- Nipple stimulation releases the body’s own natural oxytocin. Some studies have found it to be effective in starting labor within 72 hours if your cervix is already ripe, but the method has not been well studied. You should not try this method at home because it can cause prolonged contractions that could stress your baby and depress his or her heart rate.
- Walking naturally releases oxytocin.
- Castor oil is a strong laxative and stimulating your bowels may cause some uterine contractions. However, studies have not shown it to be consistently effective and the resulting cramping and diarrhea may be an unpleasant way to begin your labor. There is also an increased risk of fetal distress and there have been cases when the castor oil causes the baby to pass meconium before birth.
- Insertion of a Foley catheter into the cervix. The catheter has a very small balloon at the end of it which, when inflated with water, puts pressure on your cervix. This stimulates the release of prostaglandins, which then cause your cervix to open and soften. When your cervix begins to dilate, the balloon falls out and the catheter is removed.
- Accupressure may help to induce labor. Some pressure points include the roof of your mouth, the webbing between your pointer finger and thumb, and about four fingerspaces above your ankle.
- Herbs such as blue and black cohosh, goldenseal, squaw vine, red raspberry leaf have been used, mainly by midwives, for inducing labor. However, herbs vary in concentration, and their safety and effectiveness have not been proven. There have been cases of uterine rupture and intrauterine fetal stroke, as well as neonatal heart irregularities associated with the use of herbs to induce labor.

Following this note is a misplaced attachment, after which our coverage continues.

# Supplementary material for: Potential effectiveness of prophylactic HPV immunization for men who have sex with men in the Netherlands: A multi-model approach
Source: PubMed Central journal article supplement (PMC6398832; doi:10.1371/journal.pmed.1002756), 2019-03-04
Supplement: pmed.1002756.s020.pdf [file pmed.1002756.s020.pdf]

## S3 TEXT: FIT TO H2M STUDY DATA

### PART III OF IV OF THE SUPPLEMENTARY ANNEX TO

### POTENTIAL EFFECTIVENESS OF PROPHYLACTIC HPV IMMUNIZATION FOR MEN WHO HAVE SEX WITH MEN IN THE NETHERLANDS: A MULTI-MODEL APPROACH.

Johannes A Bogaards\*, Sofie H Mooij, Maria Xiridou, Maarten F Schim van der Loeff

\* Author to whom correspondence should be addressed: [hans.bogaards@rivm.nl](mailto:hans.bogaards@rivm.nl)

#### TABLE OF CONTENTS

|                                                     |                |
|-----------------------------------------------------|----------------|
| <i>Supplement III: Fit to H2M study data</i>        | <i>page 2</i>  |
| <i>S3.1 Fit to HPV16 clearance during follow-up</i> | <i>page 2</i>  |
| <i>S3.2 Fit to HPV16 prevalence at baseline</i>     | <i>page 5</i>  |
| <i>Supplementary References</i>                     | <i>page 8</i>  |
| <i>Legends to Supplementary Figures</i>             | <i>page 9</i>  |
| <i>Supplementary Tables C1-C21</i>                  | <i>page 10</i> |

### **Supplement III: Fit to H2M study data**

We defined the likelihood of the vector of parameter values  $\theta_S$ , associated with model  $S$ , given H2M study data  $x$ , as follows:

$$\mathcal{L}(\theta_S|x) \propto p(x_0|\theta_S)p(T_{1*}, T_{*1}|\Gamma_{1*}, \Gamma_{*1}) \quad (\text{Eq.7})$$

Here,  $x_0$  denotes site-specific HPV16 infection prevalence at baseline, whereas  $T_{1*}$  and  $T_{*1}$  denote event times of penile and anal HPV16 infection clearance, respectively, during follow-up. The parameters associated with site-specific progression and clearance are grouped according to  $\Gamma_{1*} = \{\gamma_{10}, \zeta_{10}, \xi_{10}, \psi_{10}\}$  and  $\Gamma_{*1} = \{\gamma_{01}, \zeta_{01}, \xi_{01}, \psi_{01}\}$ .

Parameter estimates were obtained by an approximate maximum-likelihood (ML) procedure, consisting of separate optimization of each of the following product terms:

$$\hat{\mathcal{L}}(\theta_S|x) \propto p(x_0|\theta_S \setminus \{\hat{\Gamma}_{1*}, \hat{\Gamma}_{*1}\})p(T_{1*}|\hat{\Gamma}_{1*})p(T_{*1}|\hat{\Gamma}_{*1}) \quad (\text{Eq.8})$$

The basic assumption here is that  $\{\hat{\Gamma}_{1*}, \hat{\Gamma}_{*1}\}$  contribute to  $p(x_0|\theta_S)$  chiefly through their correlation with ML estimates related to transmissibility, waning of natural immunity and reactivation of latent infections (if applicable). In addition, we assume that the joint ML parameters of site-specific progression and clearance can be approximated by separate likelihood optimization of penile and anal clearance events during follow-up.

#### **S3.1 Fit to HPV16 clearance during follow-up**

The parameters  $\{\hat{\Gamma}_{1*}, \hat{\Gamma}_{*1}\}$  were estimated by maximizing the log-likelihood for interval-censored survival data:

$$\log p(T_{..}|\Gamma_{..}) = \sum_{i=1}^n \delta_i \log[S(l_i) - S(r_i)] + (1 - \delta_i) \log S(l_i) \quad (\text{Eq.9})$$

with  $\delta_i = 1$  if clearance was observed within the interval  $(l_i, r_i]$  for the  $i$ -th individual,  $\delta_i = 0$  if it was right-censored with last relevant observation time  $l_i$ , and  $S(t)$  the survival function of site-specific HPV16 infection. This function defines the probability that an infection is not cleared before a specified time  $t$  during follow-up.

Elective inductions, or those that are performed for non-medical reasons, have become one of the most frequently performed medical procedures for women in the United States. However, the American College of Obstetricians and Gynecologists and the American College of Nurse Midwives discourage elective inductions, as do virtually all textbooks and most research. Studies support the use of medications to begin labor only in situations where continuing the pregnancy presents a clear health risk to either mother or baby. In addition, a recent study conducted by Dr. Barbara P. Yawn and colleagues from the Mayo Clinic and the Olmstead Medical Center in Rochester, Minnesota concluded that induction increases the risk to both the mother and infant.
- Tests indicate the baby is in distress or can’t tolerate contractions.
- You have placenta previa.
- The baby is in a breech position.
- You have had more than two c-sections or certain other kinds of uterine surgery, such as a myomectomy to remove fibroids.
- You are carrying triplets or more.
- You have an active genital herpes infection.
- You have a cord prolapse. This is when a loop of the umbilical cord has poked through the cervix. During labor, the cord could become compressed and the baby’s oxygen supply cut off.